Tips for going deeper in meditation. Pratyahara. Turning inward.

Rishi Dave
4 min readJul 26, 2022


Before true meditation can happen, we need to be able to calm the mind in order to turn inward. This inward turning, where you cut off the senses & hence the outside world, is known as Pratyahara in yoga. Most people struggle to do this, and hence are unable to truly meditate, unable to penetrate the layers that cover the deepest part of their being.

In this short teaching, I’m going to share with you the key aspects that block our turning inward & effective methods to reduce your mental so that you can consistently access the ocean of peace within you.

We will speak about 5 concepts.

  1. Stagnant energy

When there is stagnant energy in the body, it blocks us from penetrating into the deeper layers of our being. Stagnant energy comes from a stagnant lifestyle, which includes not getting enough exercise, too much junk food in the diet, and not having a positive outlet for our stored emotions.

To get rid of stagnant energy, make sure you get some exercise daily. Break a sweat. Relaxed yoga is great. And for a small explosive element, Even 10–15 minutes of running, skipping or dancing is good.

2. Stimulation

We want to keep a check on how stimulated we are. The more stimulated we are, the less relaxed we are, and the less we’re able to enter deep meditative states. Most of the work when we sit to meditate is reducing the volume of scattered thoughts in the mind. The more stimulated we are, the more the scattered thoughts. Everyday activities that are stimulating include talking a lot, idle chit chat, looking at a laptop, tv or phone screen for many hours, and also cigarettes, coffee and very spicy foods.

To reduce your stimulation, reduce your screen time, and try to spend less time talking, especially idle chit chat.

3. Posture

Posture is one of the most important aspects of meditation. And there is an easy way to get it right. When you sit, you must sit like a Buddha.

The idea here is that when you sit, you don’t sit to rush into meditation. You don’t try to hurry up. You don’t try, to get on with it. You sit, as if it is the only thing you are here to do. You sit as if someone has told you that once you sit, you cannot get up for 24 hours. You have to be AS comfortable as you possibbly can.

Put as many pillow as you need under your buttocks, to elevate them, and naturally straighten the back. Or if you like, sit on a chair. Next, you gently rock your upper body from side to side, gradually rocking less and less till you find your centre. Then, you rock backward and forward, to find your centre. When you find your centre, you will know. You will be really comfortable. Your back will be naturally straight and at ease. You can clasp your hands together, however feels most comfortable.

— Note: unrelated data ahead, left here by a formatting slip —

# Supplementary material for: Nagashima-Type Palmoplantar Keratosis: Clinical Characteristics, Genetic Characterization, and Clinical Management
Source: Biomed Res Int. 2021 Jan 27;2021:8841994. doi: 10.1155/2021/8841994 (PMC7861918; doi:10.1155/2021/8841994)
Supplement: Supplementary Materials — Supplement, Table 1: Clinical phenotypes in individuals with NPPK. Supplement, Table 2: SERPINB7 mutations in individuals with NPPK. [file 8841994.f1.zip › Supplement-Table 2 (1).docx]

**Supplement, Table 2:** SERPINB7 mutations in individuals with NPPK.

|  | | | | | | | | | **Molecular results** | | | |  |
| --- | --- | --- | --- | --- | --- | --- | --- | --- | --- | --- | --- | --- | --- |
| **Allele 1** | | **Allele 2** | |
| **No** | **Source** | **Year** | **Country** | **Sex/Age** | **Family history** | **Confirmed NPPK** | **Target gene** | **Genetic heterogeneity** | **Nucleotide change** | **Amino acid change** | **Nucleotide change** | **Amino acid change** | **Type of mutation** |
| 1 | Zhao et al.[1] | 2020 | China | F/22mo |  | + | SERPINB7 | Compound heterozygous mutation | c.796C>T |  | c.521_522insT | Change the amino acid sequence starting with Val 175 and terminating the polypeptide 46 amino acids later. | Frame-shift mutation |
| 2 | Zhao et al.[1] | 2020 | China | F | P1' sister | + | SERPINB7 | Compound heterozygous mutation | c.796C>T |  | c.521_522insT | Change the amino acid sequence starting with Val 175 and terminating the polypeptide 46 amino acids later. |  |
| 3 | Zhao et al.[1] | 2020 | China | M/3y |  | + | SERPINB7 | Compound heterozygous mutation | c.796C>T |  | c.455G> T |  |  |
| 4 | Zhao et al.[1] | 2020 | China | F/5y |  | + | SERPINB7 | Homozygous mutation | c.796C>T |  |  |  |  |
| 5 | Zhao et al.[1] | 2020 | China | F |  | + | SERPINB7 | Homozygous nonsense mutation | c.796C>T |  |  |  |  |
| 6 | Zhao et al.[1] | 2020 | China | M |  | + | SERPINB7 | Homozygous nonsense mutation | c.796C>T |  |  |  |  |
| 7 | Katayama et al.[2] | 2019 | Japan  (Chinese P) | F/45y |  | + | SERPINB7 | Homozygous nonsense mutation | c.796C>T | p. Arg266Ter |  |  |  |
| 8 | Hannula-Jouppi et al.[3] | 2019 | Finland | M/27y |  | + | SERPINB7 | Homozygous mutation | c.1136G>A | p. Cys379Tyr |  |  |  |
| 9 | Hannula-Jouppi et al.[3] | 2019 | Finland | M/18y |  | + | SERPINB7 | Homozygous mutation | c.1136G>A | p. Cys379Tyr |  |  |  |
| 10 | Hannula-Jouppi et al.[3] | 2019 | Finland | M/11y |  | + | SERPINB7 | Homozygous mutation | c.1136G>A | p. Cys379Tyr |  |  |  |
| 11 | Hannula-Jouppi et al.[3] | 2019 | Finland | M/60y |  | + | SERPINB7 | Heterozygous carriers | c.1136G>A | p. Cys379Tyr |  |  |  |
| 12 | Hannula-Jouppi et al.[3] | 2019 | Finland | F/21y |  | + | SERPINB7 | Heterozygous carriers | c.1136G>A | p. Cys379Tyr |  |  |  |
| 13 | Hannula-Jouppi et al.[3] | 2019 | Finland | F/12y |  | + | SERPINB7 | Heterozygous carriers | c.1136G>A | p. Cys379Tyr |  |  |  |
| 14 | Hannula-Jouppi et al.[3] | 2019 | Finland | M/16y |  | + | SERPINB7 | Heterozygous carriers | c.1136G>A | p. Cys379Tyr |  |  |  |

Just sitting in this way, is very soothing. Very relaxing. It feels like there is nothing more to be done. Nowhere to go. All you must do now is to sit. To enjoy sitting. To sit, as if the buddha is sitting within you.

4. Turning inward — breath.

Once you have sat properly, half the work is done. Now, you can bring your attention to your breath. To reduce the volume of thoughts in your mind, and also to release some of the stagnant energy, we can take the help of the breath.

Spend 5–10 minutes breathing deeply through the belly. When you inhale, your belly goes out, and when you exhale — your belly goes in. You breathe in through the nose, and blow out through the mouth, with pursed lips. That’s when your mouth looks like you’re going to whistle, and you breathe out.

You can do this for as long as you like. It is very soothing to your mind, your lungs, and your inner organs. They will feel calm. They will feel at ease. Your body will tell you when it’s enough, but as a general rule 20 long breaths like this will be enough.

That’s it. From here, you can just be. You can stay with your breath, mindfully. And allow the natural process to take over from here. Ultimately, you will reach your inner silence.

5. Last but not least, Be consistent.

Consistency in meditation is the most important thing. In India, people need to clean their home daily. Even missing one day accumulates a lot of dirt and dust from outside. The same is with your mind. Every day we pile on new clutter in the form of new thoughts, emotions, worries, fears, experiences — and meditation is the cleaning. Missing a day of meditation means that you will have to clean double tomorrow. This dirt, this mental clutter, is what blocks us from seeing our true nature, the ocean of peace that resides within. So be consistent in your meditation. Never miss a day and soon your mind will be as clear as a still lake, reflecting the beauty of the mountains surrounding it.

To summarise, the 5 points were:

  1. Stagnant energy — get rid of it by getting some daily exercise.
  2. Stimulation — reduce stimulation through less screen time and less talking.
  3. Posture — when you sit, sit like a Buddha.
  4. Breath — Practice pursed lip breathing 20 times before watching the breath.
  5. Be consistent.